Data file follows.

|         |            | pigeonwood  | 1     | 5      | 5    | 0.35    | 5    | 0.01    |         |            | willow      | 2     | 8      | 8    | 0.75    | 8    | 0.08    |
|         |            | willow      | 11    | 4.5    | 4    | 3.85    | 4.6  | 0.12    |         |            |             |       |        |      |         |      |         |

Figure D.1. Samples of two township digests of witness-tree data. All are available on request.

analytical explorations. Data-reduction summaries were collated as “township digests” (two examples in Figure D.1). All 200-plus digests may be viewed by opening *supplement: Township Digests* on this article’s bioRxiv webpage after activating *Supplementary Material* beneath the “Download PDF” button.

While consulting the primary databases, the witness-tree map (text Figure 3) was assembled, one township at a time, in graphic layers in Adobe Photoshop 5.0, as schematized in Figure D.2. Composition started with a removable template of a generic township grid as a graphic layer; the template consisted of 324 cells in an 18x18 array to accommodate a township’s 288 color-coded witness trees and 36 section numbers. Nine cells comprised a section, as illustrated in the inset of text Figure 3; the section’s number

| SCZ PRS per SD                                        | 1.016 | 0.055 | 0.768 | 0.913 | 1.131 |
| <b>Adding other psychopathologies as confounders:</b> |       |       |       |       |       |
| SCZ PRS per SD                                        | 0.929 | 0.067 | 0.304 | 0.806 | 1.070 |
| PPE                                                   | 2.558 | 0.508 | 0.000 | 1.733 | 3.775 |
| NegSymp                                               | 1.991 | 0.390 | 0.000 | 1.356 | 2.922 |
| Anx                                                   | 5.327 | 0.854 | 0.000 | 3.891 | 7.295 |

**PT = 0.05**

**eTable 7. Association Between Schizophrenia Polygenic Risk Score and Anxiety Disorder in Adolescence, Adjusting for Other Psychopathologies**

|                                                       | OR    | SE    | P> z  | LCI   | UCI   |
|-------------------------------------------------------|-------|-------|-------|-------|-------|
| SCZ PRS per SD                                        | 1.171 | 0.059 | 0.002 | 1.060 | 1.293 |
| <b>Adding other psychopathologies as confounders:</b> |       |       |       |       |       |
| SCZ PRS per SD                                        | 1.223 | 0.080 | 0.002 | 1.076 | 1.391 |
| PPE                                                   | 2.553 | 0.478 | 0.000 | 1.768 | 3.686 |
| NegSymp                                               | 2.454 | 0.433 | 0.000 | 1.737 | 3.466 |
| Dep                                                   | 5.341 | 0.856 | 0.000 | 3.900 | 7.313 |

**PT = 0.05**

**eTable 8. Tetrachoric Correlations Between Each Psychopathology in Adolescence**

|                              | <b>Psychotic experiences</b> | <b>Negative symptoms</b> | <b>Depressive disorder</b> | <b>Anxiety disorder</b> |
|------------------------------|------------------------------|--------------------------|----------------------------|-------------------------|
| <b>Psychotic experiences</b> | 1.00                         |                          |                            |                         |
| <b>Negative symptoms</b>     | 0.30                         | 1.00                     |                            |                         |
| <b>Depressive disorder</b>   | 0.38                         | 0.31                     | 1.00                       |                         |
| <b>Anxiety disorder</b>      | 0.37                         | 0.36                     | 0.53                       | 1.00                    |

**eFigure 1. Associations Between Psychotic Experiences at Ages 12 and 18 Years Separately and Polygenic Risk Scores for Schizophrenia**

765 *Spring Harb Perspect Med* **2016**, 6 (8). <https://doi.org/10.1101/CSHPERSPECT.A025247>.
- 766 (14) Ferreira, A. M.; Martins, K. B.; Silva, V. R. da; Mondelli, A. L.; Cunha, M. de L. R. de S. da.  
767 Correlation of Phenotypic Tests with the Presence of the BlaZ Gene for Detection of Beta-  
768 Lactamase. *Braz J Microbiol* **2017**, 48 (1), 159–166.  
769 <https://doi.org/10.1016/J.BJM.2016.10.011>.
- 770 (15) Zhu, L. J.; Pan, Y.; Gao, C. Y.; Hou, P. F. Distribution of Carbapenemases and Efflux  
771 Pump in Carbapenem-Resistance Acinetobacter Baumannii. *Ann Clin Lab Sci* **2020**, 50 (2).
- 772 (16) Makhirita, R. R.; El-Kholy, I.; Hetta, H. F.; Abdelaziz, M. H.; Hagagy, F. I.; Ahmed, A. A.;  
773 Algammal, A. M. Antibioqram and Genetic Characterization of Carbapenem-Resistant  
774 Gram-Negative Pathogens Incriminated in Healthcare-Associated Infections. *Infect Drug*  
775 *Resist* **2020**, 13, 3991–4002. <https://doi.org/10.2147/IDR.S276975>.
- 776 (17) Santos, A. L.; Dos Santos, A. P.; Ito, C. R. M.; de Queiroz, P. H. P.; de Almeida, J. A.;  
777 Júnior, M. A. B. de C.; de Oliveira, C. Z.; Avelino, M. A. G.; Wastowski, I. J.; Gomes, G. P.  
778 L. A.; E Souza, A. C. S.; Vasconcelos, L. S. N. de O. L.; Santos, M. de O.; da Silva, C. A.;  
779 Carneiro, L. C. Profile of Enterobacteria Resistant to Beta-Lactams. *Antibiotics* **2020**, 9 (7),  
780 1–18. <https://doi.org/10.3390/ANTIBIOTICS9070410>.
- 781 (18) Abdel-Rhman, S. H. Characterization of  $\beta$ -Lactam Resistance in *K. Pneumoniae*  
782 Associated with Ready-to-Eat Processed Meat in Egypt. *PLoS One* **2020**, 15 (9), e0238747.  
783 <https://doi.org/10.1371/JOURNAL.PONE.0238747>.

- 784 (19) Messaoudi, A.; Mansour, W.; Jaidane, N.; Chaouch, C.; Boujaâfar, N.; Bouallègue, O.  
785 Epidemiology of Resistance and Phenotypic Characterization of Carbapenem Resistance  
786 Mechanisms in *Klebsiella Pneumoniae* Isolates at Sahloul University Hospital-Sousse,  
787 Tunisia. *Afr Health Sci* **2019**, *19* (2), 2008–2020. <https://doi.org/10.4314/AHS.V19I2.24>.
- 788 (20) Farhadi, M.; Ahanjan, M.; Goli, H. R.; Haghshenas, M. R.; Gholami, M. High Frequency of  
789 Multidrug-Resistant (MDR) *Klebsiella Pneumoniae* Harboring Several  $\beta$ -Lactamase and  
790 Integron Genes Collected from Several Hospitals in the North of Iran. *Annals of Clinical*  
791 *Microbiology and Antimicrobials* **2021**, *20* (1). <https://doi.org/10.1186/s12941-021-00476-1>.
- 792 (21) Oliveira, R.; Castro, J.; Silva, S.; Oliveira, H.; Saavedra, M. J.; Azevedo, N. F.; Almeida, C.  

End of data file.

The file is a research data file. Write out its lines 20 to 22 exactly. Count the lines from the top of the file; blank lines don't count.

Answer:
| NegSymp                                               | 2.454 | 0.433 | 0.000 | 1.737 | 3.466 |
| Dep                                                   | 5.341 | 0.856 | 0.000 | 3.900 | 7.313 |

**PT = 0.05**